On Jan. 19, 1991, in the opening days of the war to liberate Kuwait from Iraqi occupation, Air Force Maj. Jeffrey Tice's F-16 was shot down over Baghdad. Over the next six weeks in Iraqi captivity, Tice was repeatedly beaten, subjected to electric shock and left in a dirty cell with meager rations.
To this day he suffers from nerve damage to his hands from being tightly handcuffed, and he still has occasional nightmares and flashbacks.
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In April 2002, Tice, now a retired lieutenant colonel, and 16 other former POWs and their families sued the Saddam Hussein government in U.S. District Court in Washington. Iraq refused to contest the charges, and in 2003, Judge Richard W. Roberts determined that the plaintiffs were entitled to $959 million in damages, which would have to come from assets now controlled by the new U.S.-backed Iraqi government.
Yet today, the Bush administration is urging the Supreme Court to oppose the former prisoners of war. Resisting payment to war heroes forces the administration to walk an awkward political line, but it argues that the reconstruction of post-Hussein Iraq would be set back if the new government had to pay almost a billion dollars to the Americans.
"Whereas subjecting Iraq to suit . . . served the United States' foreign policy interests by threatening large damage awards for the wrongs of the Hussein regime, in the immediate aftermath of the removal of that regime by military force, such judgments would hinder crucial foreign policy objectives," the Justice Department told the court in a brief filed March 21.
The administration stance has drawn bipartisan fire from 20 members of Congress. The group, headed by Sens. George Allen (R-Va.), Patty Murray (D-Wash.) and Tom Harkin (D-Iowa), has signed a friend-of-the-court brief supporting the plaintiffs. It includes Maryland Reps. Elijah E. Cummings (D) and Roscoe G. Bartlett (R) and Virginia Rep. Virgil H. Goode Jr. (R).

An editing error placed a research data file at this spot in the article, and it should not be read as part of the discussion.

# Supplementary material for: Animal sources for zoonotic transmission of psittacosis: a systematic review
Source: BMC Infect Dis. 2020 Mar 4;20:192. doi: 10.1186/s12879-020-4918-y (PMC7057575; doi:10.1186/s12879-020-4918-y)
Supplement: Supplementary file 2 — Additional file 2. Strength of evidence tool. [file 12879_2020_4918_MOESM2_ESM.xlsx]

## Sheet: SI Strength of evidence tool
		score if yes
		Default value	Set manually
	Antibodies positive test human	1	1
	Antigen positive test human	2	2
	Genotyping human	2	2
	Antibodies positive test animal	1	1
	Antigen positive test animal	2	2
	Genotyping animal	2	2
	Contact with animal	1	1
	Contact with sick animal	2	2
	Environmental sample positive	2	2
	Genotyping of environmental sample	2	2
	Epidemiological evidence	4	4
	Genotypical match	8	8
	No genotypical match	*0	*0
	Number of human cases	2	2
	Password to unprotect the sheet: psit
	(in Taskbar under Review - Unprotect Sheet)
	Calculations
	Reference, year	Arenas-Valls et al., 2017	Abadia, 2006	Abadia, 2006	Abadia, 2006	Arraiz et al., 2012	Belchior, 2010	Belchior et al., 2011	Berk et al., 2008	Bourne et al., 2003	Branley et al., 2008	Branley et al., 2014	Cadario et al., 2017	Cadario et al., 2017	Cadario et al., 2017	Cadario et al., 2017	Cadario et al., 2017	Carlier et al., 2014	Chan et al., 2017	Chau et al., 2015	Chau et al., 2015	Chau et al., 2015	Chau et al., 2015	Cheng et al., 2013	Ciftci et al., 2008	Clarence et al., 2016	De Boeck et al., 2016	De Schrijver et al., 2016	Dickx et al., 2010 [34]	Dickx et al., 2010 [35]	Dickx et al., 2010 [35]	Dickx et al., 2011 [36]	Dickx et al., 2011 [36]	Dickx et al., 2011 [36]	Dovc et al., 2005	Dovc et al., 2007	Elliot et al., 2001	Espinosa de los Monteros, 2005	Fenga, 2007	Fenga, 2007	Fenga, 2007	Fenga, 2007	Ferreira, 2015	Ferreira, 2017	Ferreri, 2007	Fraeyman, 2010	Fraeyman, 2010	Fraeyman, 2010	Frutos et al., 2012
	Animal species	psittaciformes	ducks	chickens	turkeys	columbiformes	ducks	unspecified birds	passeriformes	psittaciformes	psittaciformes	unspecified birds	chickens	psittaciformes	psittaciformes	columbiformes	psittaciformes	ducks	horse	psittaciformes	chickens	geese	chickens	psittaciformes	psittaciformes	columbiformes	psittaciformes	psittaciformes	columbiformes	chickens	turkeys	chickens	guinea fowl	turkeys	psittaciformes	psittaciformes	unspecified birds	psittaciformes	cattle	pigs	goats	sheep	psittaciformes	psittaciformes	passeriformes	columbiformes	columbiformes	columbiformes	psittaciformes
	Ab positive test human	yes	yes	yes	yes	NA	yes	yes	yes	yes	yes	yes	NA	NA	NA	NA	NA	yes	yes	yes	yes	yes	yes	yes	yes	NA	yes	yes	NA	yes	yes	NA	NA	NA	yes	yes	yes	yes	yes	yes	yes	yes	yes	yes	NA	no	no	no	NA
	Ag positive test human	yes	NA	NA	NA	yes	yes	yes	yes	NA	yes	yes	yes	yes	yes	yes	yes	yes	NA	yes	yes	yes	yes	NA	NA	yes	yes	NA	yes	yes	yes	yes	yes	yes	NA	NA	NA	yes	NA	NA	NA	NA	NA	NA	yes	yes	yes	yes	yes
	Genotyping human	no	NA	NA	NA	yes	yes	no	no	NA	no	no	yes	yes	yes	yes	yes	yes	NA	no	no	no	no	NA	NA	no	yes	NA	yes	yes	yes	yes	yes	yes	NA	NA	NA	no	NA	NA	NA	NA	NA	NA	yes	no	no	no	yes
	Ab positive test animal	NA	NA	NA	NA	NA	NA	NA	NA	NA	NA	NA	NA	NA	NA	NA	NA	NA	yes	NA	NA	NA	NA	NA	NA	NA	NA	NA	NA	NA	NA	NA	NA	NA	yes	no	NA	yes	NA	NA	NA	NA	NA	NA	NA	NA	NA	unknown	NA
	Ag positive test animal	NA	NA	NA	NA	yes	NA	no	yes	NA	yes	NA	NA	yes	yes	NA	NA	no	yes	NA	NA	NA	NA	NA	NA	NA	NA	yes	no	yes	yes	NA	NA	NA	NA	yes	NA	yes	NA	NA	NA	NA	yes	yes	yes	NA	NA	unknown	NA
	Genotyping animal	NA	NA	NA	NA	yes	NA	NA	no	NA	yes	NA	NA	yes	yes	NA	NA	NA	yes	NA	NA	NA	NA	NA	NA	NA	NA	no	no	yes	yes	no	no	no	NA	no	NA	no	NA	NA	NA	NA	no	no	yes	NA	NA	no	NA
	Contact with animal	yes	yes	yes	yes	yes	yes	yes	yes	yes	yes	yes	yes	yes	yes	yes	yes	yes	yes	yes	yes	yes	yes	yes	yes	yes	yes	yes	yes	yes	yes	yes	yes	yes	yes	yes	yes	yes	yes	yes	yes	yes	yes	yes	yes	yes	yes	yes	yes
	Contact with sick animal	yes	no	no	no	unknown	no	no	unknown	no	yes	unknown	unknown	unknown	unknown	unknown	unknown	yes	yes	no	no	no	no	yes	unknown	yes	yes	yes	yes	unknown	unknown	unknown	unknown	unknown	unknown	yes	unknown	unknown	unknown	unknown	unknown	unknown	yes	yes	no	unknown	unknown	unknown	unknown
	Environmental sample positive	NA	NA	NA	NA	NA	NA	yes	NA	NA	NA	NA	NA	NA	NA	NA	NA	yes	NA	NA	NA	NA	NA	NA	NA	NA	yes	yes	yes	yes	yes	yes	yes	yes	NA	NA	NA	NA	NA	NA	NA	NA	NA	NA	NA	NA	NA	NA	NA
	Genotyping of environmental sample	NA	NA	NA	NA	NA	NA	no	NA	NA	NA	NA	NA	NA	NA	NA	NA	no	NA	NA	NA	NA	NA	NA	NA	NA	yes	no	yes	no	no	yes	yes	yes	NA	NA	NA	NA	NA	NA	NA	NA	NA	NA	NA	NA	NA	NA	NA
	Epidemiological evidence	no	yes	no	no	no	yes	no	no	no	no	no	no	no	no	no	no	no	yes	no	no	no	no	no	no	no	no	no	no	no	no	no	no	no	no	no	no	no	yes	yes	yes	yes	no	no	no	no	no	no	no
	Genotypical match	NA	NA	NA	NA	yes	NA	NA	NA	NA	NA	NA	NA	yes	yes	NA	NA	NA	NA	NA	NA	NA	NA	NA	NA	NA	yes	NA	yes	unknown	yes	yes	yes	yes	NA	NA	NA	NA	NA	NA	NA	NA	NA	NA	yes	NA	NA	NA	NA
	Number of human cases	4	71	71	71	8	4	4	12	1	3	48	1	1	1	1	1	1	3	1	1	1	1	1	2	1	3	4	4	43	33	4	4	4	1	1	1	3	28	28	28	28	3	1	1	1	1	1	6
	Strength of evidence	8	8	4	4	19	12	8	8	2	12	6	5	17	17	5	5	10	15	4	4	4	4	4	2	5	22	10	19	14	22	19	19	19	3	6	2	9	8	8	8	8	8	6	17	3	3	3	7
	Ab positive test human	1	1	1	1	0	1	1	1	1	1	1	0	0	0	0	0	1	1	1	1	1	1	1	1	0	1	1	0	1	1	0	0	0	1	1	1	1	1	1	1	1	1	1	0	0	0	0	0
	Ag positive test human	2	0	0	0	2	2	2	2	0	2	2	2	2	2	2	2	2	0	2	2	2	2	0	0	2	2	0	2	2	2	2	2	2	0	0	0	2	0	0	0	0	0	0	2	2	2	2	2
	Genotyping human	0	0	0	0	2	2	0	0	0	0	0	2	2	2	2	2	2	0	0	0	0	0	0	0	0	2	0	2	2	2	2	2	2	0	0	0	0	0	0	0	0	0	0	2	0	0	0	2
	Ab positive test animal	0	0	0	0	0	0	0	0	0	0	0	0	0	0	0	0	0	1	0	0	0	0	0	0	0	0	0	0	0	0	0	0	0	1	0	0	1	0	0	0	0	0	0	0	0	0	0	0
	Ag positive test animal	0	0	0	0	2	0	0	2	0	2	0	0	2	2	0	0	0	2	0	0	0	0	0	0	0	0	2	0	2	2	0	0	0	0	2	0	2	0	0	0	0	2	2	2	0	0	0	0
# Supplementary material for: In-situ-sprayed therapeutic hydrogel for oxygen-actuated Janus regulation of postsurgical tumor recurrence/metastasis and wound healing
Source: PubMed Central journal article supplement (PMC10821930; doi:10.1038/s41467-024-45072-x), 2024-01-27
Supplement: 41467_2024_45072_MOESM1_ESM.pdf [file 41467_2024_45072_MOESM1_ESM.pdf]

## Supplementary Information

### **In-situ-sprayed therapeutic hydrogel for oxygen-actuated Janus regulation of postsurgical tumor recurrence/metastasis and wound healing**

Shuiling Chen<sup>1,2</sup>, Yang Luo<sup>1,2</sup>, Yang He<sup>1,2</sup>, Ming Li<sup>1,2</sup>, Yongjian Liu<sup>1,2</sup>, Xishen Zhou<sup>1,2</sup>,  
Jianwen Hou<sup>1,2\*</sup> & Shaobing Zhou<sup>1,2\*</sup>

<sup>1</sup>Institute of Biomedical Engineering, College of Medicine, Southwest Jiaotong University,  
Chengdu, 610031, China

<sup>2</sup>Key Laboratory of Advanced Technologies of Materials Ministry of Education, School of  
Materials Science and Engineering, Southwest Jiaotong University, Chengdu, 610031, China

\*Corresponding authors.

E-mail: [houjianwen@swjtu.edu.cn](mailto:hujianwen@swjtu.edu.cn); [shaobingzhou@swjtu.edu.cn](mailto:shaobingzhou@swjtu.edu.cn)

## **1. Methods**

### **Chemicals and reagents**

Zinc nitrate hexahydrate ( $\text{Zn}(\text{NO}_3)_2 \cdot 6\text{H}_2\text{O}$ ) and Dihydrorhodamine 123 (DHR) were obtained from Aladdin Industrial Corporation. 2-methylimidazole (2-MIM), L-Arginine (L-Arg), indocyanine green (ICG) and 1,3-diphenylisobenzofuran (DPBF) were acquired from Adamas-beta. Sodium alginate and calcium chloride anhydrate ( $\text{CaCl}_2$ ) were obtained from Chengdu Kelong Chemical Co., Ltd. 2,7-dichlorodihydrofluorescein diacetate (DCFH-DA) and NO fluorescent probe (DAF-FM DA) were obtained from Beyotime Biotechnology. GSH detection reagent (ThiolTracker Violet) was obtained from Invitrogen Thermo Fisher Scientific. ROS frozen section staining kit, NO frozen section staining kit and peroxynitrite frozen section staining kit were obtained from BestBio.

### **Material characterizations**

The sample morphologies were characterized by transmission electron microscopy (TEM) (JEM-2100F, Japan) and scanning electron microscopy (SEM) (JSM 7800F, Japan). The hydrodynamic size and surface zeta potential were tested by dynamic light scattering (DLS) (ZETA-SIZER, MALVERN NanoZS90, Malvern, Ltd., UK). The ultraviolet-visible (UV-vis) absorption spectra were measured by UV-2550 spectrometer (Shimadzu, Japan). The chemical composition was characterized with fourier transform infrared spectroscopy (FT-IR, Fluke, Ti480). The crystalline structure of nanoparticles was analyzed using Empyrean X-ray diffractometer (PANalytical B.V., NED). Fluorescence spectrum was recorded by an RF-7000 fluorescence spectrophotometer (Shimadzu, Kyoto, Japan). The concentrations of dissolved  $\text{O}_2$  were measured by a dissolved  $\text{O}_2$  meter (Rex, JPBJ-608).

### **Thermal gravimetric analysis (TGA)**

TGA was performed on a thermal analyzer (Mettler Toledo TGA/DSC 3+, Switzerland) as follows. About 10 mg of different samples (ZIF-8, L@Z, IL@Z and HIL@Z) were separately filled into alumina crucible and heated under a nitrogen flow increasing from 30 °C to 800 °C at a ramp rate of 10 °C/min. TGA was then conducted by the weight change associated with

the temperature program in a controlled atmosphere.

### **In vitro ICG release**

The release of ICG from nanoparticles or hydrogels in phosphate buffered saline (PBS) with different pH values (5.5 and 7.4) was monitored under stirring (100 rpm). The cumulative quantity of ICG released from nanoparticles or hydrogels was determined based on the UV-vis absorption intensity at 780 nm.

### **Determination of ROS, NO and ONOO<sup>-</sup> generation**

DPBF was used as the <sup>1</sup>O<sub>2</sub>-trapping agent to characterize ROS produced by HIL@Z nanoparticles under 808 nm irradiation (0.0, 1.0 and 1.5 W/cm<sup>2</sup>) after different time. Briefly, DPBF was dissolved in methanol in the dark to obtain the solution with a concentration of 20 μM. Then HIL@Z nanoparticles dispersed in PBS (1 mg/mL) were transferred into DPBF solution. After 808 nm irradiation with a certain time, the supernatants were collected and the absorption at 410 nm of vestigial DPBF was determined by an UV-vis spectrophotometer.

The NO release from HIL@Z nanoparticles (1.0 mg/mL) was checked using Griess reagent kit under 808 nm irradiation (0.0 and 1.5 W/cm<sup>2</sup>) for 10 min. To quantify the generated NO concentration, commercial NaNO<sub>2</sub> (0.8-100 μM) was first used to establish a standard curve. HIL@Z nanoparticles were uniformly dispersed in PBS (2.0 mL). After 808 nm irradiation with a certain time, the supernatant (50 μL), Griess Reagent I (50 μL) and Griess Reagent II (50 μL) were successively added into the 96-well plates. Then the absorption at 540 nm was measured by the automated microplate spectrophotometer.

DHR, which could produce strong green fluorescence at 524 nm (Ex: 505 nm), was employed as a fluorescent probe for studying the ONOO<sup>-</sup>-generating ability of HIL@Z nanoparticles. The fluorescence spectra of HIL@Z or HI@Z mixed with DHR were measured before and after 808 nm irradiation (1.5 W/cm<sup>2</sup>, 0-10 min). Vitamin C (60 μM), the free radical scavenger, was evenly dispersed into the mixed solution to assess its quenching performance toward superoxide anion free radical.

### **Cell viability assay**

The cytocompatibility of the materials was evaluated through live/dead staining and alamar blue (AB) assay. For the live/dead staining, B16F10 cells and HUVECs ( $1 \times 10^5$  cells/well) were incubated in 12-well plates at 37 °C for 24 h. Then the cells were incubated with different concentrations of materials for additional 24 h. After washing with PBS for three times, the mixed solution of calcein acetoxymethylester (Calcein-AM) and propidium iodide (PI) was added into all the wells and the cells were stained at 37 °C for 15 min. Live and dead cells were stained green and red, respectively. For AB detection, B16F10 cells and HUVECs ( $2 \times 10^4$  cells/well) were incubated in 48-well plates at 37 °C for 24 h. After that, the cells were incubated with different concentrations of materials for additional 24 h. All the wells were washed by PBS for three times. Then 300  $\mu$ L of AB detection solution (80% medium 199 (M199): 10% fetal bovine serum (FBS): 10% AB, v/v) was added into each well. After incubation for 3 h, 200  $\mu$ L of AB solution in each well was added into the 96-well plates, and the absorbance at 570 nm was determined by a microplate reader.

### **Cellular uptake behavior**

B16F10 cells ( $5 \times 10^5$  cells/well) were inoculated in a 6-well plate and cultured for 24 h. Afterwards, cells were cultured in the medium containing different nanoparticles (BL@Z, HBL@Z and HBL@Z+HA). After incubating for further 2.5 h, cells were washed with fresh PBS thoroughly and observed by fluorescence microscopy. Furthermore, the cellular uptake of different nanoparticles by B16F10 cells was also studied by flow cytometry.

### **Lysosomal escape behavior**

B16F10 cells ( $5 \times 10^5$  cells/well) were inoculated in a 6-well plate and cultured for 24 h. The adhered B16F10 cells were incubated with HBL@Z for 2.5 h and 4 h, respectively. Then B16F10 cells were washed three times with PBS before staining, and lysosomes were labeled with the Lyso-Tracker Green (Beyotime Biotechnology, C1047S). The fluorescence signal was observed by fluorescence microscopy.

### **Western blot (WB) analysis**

The National League of Families of American Prisoners and Missing in Southeast Asia and the National Commander & National Adjutant of American Ex-Prisoners of War have joined in another brief backing the POWs; that brief was co-signed by former secretary of the Navy John F. Lehman, former national security adviser Anthony Lake and retired Adm. Thomas H. Moorer, a former chairman of the Joint Chiefs of Staff.
And a Web site affiliated with the POWs, www.stoppowtorture.org, charges the Bush administration with hypocrisy: "Despite Secretary [of Defense Donald H.] Rumsfeld telling Congress last summer that 'the right thing to do' was to pay Iraqi detainees injured by U.S. troops at Abu Ghraib, the U.S. government continues to fight in court to deny compensation paid out of Iraqi assets to the American Desert Storm POWs."
As a legal matter, the claim arises under a 1996 federal law that allows Americans to collect damages for acts of air piracy, murder or torture committed by officials or agents of foreign states designated as state sponsors of terrorism by the State Department.
The measure was enacted after American Alisa Flatow, 20, was killed in a bus bombing carried out in Israel by the Palestinian Islamic Jihad, an Iranian-backed group.
The former POWs say the Flatow Amendment's terms apply equally to their situation because Iraq was on the State Department's list of state sponsors of terrorism in 1991.
After the overthrow of Hussein in 2003, however, President Bush, with Congress's approval, lifted the sanctions against Iraq. The administration intervened in the former POWs' case on Iraq's behalf, and the U.S. Court of Appeals for the District of Columbia Circuit threw out Roberts's decision in June 2004, ruling that the Flatow Amendment applies only to officials or agents of Iraq and other countries, not to the countries themselves.
In their appeal to the Supreme Court, filed in December, the former POWs told the justices that the judge's decision "will effectively close the doors of justice for victims of terror unless reviewed and corrected by the court."
But the administration's brief noted that after "the new Iraqi regime has had time to become firmly established, the President may choose to espouse petitioners' claims through diplomatic means."
The high court will probably take up the former POWs' appeal in conference toward the end of April. If four justices agree that the case merits a review, oral argument would take place next fall. If not, then the D.C. Circuit ruling would stand.
In the meantime, Rep. Jim Saxton (R-N.J.) has proposed a bill that would expressly authorize lawsuits against the governments of designated state sponsors of terrorism.